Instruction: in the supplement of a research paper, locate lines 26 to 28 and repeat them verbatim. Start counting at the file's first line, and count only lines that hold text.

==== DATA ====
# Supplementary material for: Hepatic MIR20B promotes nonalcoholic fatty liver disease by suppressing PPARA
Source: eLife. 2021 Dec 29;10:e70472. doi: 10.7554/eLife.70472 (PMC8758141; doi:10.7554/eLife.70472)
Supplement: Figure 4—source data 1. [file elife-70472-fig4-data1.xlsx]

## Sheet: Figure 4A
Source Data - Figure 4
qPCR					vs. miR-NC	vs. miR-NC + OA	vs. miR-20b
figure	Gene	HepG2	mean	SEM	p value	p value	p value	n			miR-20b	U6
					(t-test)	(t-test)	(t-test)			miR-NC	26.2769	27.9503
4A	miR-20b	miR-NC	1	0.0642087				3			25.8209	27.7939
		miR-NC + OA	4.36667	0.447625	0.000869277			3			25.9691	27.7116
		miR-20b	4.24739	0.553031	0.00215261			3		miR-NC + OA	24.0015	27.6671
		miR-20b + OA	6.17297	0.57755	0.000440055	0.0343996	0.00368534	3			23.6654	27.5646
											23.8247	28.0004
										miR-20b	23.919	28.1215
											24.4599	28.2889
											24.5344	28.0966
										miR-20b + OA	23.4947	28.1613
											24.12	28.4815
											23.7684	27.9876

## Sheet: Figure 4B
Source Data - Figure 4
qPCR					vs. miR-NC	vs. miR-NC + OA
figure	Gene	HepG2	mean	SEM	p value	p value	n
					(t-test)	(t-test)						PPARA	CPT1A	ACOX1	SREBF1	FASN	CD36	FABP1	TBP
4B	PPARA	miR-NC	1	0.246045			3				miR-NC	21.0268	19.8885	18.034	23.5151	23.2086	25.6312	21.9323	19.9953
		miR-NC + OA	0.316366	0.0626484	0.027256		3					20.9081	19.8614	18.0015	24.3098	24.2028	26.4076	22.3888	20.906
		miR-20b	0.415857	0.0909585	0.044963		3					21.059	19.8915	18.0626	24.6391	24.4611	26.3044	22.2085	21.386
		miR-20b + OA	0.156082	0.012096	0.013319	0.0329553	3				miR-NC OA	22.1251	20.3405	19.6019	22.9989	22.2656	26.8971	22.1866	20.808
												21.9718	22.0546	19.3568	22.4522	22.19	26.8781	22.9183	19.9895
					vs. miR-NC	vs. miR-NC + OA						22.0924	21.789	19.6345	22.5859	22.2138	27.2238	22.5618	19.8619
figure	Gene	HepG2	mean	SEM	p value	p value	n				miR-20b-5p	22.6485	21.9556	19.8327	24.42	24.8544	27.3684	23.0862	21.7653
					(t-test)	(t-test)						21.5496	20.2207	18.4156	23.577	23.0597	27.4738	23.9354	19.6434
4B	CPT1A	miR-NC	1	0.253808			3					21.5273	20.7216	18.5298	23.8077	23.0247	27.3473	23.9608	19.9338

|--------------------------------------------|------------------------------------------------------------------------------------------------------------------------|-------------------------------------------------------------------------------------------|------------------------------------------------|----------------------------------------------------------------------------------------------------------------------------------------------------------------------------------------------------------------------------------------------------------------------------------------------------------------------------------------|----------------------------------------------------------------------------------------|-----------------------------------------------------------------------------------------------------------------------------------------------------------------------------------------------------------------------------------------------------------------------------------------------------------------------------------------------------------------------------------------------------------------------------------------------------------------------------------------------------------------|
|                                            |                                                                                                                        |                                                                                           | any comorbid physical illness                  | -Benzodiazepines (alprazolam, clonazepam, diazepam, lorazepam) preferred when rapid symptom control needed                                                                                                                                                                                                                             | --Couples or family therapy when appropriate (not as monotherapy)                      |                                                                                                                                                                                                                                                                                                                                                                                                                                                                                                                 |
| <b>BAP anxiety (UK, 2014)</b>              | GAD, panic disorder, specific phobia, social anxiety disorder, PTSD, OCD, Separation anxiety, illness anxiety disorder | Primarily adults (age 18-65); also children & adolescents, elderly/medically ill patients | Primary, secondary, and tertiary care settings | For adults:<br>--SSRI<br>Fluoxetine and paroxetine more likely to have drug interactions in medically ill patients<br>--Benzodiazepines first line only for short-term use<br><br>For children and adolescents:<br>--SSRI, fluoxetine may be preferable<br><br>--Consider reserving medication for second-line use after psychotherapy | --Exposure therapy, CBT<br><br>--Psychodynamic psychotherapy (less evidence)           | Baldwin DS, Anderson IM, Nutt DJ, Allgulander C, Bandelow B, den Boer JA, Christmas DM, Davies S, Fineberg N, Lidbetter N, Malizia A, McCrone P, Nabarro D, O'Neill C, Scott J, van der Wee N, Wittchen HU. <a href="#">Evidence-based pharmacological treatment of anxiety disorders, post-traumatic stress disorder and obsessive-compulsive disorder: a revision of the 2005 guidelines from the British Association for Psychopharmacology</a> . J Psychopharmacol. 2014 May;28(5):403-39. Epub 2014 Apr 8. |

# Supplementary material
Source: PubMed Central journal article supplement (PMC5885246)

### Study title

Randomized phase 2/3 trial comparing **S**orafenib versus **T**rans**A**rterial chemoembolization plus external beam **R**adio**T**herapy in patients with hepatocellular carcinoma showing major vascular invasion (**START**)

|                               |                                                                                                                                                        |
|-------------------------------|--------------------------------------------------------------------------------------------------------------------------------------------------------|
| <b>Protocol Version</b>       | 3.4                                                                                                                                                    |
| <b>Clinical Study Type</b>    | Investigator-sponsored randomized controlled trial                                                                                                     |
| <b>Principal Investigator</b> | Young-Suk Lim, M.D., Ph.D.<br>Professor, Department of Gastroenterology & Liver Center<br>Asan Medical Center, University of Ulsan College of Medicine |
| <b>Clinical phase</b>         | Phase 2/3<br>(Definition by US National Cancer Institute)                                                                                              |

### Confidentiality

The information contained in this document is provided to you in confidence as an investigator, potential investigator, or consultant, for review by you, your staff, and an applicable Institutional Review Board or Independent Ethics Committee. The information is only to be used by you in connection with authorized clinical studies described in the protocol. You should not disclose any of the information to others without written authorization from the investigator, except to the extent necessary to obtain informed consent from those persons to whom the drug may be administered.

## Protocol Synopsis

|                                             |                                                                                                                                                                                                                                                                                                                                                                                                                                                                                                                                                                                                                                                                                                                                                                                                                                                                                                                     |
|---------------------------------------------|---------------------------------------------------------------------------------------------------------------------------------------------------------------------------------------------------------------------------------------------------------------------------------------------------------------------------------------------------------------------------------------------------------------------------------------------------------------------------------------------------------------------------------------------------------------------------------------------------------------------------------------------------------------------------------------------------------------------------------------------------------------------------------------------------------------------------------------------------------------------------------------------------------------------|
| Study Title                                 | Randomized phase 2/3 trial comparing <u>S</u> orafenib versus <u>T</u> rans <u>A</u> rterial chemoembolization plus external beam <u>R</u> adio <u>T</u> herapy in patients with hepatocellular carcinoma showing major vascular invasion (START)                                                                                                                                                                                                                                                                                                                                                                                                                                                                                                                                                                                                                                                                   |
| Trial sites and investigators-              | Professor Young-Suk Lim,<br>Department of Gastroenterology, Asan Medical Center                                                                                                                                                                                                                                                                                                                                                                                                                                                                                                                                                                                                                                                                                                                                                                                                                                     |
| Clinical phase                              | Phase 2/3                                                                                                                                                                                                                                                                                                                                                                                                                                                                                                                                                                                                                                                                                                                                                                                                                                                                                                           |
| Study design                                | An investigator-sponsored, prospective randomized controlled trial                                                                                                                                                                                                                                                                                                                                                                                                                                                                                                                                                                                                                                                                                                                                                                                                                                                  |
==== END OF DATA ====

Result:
		miR-NC + OA	0.316366	0.0626484	0.027256		3					20.9081	19.8614	18.0015	24.3098	24.2028	26.4076	22.3888	20.906
		miR-20b	0.415857	0.0909585	0.044963		3					21.059	19.8915	18.0626	24.6391	24.4611	26.3044	22.2085	21.386
		miR-20b + OA	0.156082	0.012096	0.013319	0.0329553	3				miR-NC OA	22.1251	20.3405	19.6019	22.9989	22.2656	26.8971	22.1866	20.808